Carrie Moore (1883-1956)
"THE BLUE MOON"
By Harold Ellis, Percy Greenbank, Howard Talbot and Mr. Paul Rubens.
Produced at The Lyric Theatre - 28th August, 1905.
Reveiwed in The Daily Mail (London).
MERRY MUSICAL PLAY AT THE LYRIC THEATRE
It is just as well in writing of a musical comedy to state definitely and at the outset the names of the many alert gentlemen responsible for the various features of the entertainment. The original book of "The Blue Moon," then, seen at the Lyric Theatre last night for the first time in London, was written by the late Harold Ellis, and has since been revised by Mr. A. M. Thompson, The lyrics are by Mr. Percy Greenbank and Mr. Paul Rubens. The music has been composed by Mr. Howard Talbot and Mr. Paul Rubens. Finally, the piece has been produced by Mr. Robert Courtneidge, whose works at Manchester have proved him one of the cleverest and most artistic stage-managers of the day. The result of this formidable combination is the desired result; that is to say, the pleasant, light, more or less connected variety show so dear to the heart of the tired Londoner in search of a jolly digestive. What matter if the story is conventional or the music tinkly? There are plenty of neat lyrics, comic situations, and pretty love-scenes. The dresses are lovely and charming, and the scenery charming and lovely. "The Blue Moon," in fact, should go.
The curtain rises on the Bungalow at Naga, and here we have palms and Indian girls in clinging dresses, and more palms. We have, too, Mr. Courtice Pounds, as the spruce, amorous, musical, humorous commandant of the garrison (with a shocking cold). We have Mr. Walter Passmore as Private Charlie Taylor, Miss Billie Burke as herself, Mr. Willie Edouin as an Indian juggler from the Old Kent-road, and Miss Florence Smithson — a sweet little lady with large eyes, a demure manner, and a clear soprano voice as the "Blue Moon." And the plot? Well, the experienced playgoer who could not construct a musical comedy plot out of those materials deserves never to polish a monocle or whistle a chorus again. "Blue Moon," of course, is to wed an Indian prince, but she loves, and is loved by, an English baritone. Charlie Taylor has his difficulties, the Major his entanglements, and Mr. Edouin his juggling tricks. Other people love other people in the old, dear, musical-comedy way, and the curtain falls on countless prospective marriages. Mr. Edouin seemed a little uncertain in the part of the Cockney juggler, but he scored his laughs. Mr. Courtice Pounds, as we have stated, was badly handicapped, yet his charm of personality was as irresistible as ever, and he sang his best number, "The Burmah Girl," as only Courtice Pounds could sing it — even with a cold.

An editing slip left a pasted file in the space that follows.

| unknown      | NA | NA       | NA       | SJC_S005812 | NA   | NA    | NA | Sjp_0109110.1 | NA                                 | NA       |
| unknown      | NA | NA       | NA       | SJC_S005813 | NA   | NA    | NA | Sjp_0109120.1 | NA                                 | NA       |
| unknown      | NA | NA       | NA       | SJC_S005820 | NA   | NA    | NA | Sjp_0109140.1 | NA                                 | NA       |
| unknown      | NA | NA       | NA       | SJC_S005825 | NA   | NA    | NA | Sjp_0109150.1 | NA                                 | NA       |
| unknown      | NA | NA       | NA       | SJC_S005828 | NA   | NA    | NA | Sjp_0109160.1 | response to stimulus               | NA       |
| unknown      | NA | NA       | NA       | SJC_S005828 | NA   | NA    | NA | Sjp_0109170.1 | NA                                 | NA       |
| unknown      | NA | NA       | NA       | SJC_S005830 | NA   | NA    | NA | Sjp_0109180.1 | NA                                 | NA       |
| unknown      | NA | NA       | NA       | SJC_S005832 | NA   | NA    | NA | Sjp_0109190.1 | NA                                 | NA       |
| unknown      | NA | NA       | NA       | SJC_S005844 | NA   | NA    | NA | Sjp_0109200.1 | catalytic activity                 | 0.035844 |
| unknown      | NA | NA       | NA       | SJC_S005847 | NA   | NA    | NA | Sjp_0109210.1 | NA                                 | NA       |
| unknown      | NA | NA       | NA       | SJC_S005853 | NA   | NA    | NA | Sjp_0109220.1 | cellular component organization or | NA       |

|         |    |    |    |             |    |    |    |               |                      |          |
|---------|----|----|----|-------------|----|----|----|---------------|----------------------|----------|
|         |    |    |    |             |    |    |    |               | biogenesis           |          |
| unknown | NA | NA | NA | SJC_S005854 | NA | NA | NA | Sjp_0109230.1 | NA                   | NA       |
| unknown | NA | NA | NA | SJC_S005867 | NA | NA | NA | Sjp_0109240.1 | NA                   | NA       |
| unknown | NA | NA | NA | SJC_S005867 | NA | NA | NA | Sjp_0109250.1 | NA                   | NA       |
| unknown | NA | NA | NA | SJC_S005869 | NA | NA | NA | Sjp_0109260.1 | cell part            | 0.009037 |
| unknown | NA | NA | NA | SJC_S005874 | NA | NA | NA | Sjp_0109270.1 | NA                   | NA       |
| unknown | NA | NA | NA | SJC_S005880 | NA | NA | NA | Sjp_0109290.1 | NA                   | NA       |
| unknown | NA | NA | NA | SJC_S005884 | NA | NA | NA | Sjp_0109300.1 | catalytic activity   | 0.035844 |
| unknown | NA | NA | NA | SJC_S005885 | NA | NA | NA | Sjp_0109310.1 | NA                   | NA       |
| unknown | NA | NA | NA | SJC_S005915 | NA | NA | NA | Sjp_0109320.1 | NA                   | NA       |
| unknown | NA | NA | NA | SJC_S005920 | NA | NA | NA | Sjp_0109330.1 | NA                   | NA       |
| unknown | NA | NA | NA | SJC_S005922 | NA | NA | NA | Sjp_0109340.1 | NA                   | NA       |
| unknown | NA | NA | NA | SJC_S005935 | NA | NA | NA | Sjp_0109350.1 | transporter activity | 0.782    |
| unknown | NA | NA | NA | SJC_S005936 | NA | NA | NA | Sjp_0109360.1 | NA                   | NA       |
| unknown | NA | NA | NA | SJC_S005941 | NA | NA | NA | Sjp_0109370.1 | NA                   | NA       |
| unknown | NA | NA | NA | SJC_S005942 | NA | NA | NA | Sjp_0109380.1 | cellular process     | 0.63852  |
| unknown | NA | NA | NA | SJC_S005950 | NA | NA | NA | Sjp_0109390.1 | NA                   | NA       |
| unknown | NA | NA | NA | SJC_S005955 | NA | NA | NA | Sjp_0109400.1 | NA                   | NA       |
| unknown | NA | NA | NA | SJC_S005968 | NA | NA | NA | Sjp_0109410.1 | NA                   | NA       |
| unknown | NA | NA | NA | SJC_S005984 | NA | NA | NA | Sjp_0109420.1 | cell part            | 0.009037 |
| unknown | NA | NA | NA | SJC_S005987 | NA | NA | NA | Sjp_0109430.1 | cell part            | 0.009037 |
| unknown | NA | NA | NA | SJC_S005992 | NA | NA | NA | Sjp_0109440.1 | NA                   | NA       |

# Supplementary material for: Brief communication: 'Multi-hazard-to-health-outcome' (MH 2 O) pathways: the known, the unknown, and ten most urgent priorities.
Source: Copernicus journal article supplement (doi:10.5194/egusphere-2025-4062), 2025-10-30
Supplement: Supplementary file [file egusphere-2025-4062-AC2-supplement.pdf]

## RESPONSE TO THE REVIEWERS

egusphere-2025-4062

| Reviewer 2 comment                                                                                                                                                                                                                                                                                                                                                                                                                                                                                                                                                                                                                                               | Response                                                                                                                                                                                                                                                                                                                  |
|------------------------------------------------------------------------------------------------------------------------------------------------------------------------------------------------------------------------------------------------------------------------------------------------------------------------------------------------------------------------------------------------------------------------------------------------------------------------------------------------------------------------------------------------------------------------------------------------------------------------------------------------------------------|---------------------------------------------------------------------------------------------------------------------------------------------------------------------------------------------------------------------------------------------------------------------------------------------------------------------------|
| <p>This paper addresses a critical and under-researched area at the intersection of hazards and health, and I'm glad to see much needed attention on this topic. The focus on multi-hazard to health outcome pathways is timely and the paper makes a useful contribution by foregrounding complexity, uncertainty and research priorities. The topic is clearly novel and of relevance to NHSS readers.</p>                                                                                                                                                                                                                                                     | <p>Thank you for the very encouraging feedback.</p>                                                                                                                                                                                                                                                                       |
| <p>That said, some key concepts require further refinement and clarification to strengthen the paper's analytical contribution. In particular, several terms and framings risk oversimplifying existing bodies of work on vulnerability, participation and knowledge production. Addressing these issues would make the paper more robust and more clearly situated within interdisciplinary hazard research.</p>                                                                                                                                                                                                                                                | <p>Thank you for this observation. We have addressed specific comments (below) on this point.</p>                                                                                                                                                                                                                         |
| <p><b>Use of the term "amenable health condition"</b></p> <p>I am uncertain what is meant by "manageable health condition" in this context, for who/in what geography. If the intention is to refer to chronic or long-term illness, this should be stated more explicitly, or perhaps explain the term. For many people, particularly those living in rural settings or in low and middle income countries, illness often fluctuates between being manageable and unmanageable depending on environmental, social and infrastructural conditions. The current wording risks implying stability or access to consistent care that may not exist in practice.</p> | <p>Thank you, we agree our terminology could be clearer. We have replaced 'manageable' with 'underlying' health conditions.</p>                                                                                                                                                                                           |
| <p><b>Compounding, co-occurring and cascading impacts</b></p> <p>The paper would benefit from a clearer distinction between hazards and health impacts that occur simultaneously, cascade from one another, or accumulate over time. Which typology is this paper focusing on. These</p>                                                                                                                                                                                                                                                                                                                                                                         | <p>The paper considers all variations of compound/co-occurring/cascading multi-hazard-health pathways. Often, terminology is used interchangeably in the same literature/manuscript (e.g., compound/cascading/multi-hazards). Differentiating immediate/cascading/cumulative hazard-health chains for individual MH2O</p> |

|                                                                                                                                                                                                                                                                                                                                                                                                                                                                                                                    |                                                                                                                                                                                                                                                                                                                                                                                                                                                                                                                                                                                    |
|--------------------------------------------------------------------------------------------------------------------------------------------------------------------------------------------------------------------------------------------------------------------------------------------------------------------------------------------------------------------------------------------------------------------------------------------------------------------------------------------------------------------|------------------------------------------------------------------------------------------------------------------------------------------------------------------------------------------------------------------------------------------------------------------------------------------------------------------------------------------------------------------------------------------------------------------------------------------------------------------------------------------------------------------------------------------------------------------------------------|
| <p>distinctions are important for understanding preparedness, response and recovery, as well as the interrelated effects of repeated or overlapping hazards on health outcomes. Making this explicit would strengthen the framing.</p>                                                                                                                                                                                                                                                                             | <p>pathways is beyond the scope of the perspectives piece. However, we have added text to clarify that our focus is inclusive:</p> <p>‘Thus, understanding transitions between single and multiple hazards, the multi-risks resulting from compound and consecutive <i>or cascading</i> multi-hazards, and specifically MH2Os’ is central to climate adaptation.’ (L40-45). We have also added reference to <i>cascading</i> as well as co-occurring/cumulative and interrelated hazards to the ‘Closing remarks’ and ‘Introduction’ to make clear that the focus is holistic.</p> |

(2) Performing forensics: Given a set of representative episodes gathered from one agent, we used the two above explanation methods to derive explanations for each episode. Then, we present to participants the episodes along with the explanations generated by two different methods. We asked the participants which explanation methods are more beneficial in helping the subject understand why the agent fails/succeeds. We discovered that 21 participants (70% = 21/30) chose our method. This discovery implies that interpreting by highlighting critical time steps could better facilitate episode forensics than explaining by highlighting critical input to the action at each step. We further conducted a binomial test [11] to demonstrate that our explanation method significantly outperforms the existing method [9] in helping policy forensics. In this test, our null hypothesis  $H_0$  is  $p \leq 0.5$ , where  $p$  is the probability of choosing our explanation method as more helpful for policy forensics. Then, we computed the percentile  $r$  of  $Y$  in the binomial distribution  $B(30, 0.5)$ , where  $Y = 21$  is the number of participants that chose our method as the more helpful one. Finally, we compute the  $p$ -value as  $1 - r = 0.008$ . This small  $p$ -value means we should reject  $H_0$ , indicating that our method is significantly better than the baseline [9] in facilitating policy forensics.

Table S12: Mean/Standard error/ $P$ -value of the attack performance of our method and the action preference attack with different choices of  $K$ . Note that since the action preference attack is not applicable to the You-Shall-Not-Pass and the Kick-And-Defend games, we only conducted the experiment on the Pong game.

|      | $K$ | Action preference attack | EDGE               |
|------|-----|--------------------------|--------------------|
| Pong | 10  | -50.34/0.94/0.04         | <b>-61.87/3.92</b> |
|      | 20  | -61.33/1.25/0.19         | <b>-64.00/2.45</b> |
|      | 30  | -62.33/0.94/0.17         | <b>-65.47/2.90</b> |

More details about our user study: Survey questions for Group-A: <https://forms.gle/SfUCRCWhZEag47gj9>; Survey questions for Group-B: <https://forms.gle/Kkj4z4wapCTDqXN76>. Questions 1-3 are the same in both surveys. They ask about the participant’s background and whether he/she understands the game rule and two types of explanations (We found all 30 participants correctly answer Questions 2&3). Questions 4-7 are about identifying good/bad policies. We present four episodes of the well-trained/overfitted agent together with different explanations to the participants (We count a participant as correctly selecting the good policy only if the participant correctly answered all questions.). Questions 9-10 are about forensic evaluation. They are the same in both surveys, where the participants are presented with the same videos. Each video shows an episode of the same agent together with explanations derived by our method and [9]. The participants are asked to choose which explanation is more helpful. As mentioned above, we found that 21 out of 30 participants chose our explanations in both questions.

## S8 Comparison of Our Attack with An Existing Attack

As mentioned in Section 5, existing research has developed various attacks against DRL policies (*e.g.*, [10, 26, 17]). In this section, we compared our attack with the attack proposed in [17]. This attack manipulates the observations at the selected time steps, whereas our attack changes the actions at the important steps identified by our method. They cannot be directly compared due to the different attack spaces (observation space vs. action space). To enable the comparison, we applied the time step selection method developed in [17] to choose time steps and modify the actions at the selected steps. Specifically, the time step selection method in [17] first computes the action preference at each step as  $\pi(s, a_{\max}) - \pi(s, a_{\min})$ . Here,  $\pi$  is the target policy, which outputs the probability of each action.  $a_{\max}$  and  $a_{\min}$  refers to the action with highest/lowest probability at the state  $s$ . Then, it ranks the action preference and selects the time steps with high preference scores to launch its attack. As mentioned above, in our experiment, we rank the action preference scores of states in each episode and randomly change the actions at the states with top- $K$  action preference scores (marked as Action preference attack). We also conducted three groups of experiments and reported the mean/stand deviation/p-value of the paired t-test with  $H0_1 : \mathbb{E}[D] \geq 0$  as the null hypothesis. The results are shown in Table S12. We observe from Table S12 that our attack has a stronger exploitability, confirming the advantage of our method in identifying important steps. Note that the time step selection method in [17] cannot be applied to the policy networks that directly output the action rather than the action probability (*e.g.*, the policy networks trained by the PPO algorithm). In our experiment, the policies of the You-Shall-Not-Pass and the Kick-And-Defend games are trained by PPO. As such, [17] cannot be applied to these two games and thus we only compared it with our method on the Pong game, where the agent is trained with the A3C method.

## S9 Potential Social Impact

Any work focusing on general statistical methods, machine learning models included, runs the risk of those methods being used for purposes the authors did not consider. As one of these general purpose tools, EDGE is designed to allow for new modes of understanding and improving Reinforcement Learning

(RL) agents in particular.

The discovery of the evening was Miss Florence Smithson. Never has a daintier, quainter, more plaintive little singer graced the boards of the lyric stage. Mr. Walter Passmore danced very nimbly, and made a hit with an eccentric number, entitled "The Crocodile." Miss Carrie Moore made a sly, useful maid. The large audience, despite the tempest of rain that met them as they left the theatre, went away in great good homour.
The Daily Mail (London) - 29th August, 1905
Movie Credits (source www.imdb.com)
1949 - Sons of Matthew (aka The Rugged O'Riordans) [Midwife]